Australian dollar whacked as Fed readies taper

The Australian dollar tried to rally Friday night but slammed back down as the Fed hinted that taper is go. That lifted DXY and EUR fell:

The Aussie popped and dropped:

Gold sank but oil rose:

Base metals inhaled deeply on the crack pipe:

Miners not so much:

EM stocks still look very troubled:

Through junk is only fading slowly:

The curve steepened:

And Growth led stocks lower:

Westpac has the wrap:

Event Wrap

US PPI inflation in August beat expectations, at +0.7%m/m and +8.3%y/y (est. +0.6%m/m, +8.2%y/y). Ex-food and energy was +0.6% and +6.7%y/y (est. +0.6%, +6.6%).  The annual rates are record highs. Post-pandemic demand and supply chain disruptions are helping lift prices.

FOMC member Mester said that there might be moderation in growth in H2’21, but that inflation pressures were more persistent than previously anticipated. She said that prices should move lower in 2022, but risks were to the upside.

Canada’s August labour report was strong, with employment rising +90.2k (est. 7.5k), and unemployment falling to 7.1% (est. 7.3%, prior 7.5%) as participation fell to 65.1% from 65.2% (est. 65.3%).

Several Eurozone national level industrial production releases for July proved to be mixed. Italy posted a stronger than expected gain of +0.9%m/m (est. -0.1%m/m), but Spain fell 1.1%m/m (est. +0.5%m/m), and France was close to estimates at +0.3%m/m with a solid manufacturing gain of +0.4%m/m (est. flat).

Although UK industrial production rose +1.2%m/m (est. +0.4%m/m), services and manufacturing were flat, and construction was weaker, causing monthly GDP to rise only a modest +0.1%m/m (est. +0.5%m/m).

Event Outlook

New Zealand: While buyer interest remains strong, August REINZ house sales are likely to be down sharply following the return to COVID-19 lockdown conditions midway through August. The price effect is expected to be muted. Westpac is forecasting a 0.2% gain for the August food price index with the gains spread across categories. Finally, September ANZ business confidence will provide a first gauge of business confidence since lockdown.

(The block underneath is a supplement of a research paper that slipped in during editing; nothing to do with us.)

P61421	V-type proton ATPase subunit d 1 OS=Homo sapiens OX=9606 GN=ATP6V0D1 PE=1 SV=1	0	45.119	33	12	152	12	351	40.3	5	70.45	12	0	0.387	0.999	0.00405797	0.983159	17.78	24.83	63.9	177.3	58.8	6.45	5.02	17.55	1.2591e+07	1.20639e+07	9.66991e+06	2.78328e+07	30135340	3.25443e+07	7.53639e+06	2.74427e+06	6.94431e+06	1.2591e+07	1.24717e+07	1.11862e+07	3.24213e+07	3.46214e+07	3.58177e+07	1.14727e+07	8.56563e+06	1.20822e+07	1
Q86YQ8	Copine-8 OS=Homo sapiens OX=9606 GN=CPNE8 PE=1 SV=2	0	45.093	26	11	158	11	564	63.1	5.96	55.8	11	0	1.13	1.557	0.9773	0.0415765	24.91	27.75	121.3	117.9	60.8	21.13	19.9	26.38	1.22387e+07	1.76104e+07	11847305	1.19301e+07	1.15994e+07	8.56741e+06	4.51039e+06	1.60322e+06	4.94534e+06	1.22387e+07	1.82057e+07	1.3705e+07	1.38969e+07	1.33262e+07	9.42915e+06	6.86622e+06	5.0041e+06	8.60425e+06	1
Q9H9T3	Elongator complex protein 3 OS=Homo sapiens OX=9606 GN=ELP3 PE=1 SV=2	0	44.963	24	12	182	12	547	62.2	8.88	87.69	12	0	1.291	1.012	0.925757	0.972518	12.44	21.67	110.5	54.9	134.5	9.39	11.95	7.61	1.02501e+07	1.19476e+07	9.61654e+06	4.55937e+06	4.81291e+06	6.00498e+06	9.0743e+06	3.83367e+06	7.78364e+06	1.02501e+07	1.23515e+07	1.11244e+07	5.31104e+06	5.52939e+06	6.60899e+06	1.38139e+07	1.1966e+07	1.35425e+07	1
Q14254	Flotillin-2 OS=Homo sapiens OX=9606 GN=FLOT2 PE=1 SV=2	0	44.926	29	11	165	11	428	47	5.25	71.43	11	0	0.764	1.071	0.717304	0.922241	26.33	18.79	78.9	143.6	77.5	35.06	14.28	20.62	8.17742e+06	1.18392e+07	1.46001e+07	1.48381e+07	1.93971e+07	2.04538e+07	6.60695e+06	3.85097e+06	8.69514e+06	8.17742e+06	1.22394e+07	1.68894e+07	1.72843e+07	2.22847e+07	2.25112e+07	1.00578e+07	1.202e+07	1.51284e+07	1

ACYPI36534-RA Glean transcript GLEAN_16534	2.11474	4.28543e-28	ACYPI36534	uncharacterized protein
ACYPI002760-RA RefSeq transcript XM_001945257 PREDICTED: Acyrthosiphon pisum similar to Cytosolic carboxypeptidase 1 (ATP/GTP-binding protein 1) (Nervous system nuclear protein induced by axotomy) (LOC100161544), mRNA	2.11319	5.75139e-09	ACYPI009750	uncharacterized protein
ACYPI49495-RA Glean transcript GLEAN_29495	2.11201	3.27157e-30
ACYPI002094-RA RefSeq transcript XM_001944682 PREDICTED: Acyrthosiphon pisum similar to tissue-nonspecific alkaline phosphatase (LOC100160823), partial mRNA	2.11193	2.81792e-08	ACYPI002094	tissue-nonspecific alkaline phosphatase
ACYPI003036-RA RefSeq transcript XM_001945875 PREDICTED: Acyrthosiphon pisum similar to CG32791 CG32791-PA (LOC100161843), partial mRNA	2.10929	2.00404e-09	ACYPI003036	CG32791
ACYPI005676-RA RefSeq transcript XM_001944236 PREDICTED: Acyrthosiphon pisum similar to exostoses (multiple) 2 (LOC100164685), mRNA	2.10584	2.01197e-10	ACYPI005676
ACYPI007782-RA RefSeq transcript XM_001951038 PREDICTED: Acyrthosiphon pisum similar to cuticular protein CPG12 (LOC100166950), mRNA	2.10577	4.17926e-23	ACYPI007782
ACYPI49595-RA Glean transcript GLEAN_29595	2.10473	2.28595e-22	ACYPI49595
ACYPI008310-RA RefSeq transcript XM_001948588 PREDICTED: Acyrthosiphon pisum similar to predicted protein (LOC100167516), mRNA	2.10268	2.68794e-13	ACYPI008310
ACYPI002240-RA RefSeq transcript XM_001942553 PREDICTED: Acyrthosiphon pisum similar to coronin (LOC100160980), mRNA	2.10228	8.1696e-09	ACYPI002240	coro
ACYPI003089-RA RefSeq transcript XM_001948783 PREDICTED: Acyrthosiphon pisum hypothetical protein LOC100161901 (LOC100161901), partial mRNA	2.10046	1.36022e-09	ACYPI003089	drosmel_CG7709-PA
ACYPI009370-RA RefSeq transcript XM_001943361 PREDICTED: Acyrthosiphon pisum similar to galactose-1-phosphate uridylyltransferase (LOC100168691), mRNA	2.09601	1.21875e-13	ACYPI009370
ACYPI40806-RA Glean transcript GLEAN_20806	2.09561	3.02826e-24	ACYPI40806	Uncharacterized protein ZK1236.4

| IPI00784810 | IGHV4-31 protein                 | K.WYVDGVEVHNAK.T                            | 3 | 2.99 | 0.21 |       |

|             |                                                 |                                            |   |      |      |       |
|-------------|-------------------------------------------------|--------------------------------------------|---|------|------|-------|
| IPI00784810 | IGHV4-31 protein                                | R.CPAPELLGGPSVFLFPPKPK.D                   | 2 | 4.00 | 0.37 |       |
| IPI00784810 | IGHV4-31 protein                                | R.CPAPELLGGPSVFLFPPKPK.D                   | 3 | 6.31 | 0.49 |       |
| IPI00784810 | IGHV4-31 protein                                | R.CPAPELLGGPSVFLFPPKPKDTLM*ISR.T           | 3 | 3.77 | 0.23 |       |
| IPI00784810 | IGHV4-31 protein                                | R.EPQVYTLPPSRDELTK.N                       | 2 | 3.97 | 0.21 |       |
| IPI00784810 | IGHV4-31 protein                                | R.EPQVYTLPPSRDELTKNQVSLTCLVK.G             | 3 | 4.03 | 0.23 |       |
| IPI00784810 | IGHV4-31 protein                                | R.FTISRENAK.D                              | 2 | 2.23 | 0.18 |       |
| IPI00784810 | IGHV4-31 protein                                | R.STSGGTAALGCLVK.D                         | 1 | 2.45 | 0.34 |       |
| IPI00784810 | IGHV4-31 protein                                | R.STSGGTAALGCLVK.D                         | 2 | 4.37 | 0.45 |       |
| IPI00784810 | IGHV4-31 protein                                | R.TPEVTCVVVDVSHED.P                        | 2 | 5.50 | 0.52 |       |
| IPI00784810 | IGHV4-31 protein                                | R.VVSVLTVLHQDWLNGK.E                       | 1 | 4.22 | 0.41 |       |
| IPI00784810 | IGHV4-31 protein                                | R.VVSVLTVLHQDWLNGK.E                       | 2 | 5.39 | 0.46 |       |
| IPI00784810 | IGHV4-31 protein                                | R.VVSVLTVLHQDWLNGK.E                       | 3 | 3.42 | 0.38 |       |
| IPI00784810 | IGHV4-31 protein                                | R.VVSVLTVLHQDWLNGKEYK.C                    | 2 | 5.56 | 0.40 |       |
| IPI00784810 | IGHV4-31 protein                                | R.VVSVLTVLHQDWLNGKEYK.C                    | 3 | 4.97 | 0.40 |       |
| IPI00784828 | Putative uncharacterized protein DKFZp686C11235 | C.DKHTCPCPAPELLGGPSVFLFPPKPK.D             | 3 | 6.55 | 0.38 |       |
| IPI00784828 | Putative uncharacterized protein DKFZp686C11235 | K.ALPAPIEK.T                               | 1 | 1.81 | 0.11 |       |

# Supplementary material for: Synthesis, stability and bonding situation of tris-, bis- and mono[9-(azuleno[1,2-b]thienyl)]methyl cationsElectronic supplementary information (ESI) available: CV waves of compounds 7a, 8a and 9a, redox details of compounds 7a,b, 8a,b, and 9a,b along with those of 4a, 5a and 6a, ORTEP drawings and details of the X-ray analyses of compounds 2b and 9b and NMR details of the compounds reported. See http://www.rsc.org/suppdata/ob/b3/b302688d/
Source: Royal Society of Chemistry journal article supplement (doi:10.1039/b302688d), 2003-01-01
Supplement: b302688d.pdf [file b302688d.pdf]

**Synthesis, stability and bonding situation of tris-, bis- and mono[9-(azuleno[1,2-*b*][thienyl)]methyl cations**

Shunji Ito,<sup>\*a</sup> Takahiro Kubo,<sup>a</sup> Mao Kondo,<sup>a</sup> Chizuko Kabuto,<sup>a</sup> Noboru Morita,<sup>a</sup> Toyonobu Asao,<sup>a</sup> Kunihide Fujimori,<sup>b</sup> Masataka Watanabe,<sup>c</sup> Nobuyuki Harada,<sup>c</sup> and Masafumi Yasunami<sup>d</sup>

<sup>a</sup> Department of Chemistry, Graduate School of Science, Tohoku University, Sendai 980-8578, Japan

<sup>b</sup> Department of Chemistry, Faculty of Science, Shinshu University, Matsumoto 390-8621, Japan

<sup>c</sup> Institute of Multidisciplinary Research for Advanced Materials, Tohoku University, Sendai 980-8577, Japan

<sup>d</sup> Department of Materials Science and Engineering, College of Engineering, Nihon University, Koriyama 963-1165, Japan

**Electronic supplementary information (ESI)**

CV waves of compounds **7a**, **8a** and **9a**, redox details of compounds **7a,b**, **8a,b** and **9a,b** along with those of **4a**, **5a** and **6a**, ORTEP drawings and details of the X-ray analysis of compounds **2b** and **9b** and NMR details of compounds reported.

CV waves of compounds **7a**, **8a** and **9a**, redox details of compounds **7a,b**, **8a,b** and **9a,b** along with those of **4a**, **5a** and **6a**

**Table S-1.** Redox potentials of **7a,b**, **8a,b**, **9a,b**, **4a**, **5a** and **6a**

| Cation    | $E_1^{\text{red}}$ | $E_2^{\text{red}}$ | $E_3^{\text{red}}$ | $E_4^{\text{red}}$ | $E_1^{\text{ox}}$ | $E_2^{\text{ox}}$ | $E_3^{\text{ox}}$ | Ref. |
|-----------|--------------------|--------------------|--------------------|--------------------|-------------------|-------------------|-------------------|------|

The event for the evening was the Fed releasing a piece in the WSJ. Goldman wraps it:

BOTTOM LINE: Following today’s Wall Street Journal article citing Federal Reserve officials preparing for a “November reduction,” we are increasing our subjective odds of a November taper announcement. We now see 70% odds of a November announcement (vs. 45% previously) and 10% odds of a December announcement (vs. 35% previously); we continue to see a 20% chance that growth risks related to the Delta variant delay the tapering announcement into 2022. The article also confirmed that a September taper announcement is “unlikely.” The article also referenced “plans taking shape” that involve a taper that could end in mid-2022. Accordingly, we believe a $15bn monthly pace of tapering that concludes next July is the most likely alternative to our standing forecast—of a $15bn per meeting pace that concludes next September.

Nothing has changed in my outlook. China has killed the global reflation with credit clamps. The Fed will cremate the corpse if it tapers. As a rising DXY and falling CNY hammers commodities and EMs, the main question is how far and how quickly does contagion have to spread before high yield debt and equities break down triggering a reversal in the Fed and China.

This is all immensely bearish for AUD.

Note, however, that the market is so one-sided in that view that we’re going to see a lot more of the volatility that we’ve seen in the past few weeks:

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Comments

  1. Jumping jack flash

    “China has killed the global reflation with credit clamps. The Fed will cremate the corpse if it tapers.”

    China may have killed the global reflation by stepping on the money hose, but surely the US can reinflate themselves? All it means is we don’t get “our share” of the US stimulus. It can easily be fixed if we were to stimulate ourselves. COVID can still be used as an excuse, but probably not for much longer.

    Maybe I’m missing out something important? I’m no expert on these things.

    Agree that if they go through with a taper before wages have risen it will be a bloodbath for demand.

    The debt requires and demands its interest. It doesn’t care where it comes from. If it can’t be taken from anywhere else, or be magicked up from shenanigans and funny-money, it can be taken from demand and consumption, no problems at all.

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